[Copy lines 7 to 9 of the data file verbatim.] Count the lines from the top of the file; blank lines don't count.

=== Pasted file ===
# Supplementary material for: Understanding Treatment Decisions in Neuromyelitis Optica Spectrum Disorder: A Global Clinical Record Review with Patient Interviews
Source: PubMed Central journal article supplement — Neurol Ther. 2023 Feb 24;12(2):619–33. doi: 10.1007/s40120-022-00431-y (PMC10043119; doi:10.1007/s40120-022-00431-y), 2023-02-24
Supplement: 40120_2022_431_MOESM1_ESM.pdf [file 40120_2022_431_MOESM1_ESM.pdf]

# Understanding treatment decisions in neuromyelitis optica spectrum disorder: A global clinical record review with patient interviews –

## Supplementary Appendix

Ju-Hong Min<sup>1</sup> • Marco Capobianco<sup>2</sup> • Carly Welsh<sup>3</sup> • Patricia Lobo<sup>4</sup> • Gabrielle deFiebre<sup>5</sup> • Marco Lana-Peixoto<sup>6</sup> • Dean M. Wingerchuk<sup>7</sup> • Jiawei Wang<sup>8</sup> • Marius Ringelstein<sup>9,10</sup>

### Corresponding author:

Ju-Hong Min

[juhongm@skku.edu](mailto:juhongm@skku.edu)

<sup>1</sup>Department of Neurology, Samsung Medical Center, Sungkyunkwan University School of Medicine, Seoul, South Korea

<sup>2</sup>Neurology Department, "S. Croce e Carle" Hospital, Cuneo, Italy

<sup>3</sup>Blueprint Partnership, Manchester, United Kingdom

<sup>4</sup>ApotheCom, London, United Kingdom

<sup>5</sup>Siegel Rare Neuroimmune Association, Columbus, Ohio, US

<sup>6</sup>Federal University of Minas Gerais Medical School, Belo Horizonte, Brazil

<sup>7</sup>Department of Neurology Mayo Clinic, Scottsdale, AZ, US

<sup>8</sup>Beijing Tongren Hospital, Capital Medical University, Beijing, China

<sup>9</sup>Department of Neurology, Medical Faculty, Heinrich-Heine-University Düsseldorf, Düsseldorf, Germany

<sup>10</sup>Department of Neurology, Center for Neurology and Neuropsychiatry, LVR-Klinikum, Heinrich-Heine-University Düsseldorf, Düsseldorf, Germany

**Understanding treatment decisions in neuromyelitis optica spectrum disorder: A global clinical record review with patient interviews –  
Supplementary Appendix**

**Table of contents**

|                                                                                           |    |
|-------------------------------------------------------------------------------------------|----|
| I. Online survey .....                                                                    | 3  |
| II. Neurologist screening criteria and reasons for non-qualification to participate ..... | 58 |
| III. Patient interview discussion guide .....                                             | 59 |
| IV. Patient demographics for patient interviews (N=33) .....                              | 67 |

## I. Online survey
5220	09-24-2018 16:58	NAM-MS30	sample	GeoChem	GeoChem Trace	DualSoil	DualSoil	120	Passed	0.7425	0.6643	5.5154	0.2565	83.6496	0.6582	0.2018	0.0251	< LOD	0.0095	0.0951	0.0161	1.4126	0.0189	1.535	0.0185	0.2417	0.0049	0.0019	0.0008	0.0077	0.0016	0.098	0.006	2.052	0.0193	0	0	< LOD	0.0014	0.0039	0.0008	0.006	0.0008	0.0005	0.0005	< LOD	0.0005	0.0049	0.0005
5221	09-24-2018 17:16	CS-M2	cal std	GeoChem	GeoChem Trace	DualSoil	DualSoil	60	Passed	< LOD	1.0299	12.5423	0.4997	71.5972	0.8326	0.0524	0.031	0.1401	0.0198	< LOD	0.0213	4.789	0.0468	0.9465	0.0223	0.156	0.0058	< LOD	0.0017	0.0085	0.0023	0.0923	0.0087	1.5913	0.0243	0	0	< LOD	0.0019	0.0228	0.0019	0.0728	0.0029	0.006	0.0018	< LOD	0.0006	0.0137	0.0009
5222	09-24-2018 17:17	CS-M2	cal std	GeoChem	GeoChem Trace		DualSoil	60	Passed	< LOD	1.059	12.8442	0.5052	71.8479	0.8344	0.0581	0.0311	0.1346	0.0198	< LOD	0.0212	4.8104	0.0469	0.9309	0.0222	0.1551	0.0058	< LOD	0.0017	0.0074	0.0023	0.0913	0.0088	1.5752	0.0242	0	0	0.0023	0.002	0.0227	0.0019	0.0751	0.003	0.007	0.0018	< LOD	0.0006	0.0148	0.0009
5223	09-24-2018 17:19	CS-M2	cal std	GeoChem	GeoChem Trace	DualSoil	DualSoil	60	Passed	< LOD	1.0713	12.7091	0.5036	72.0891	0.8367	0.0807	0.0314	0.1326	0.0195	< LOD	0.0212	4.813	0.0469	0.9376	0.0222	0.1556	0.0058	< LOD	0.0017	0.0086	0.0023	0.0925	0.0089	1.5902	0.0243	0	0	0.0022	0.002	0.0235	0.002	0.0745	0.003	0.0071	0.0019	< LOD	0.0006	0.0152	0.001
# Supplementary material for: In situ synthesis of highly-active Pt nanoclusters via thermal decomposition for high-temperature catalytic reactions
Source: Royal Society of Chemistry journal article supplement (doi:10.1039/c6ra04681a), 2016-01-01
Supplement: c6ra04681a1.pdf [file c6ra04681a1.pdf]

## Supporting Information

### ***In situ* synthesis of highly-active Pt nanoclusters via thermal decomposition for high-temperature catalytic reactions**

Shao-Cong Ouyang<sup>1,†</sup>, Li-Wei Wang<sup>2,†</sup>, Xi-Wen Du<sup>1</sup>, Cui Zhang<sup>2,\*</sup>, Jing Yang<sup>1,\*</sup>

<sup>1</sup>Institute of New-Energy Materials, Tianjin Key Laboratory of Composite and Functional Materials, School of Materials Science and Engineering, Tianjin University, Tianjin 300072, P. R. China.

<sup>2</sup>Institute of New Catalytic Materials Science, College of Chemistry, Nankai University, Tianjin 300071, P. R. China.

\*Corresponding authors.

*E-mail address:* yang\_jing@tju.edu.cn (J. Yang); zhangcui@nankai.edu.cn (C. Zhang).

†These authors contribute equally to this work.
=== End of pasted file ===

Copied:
### Corresponding author:

Ju-Hong Min

[juhongm@skku.edu](mailto:juhongm@skku.edu)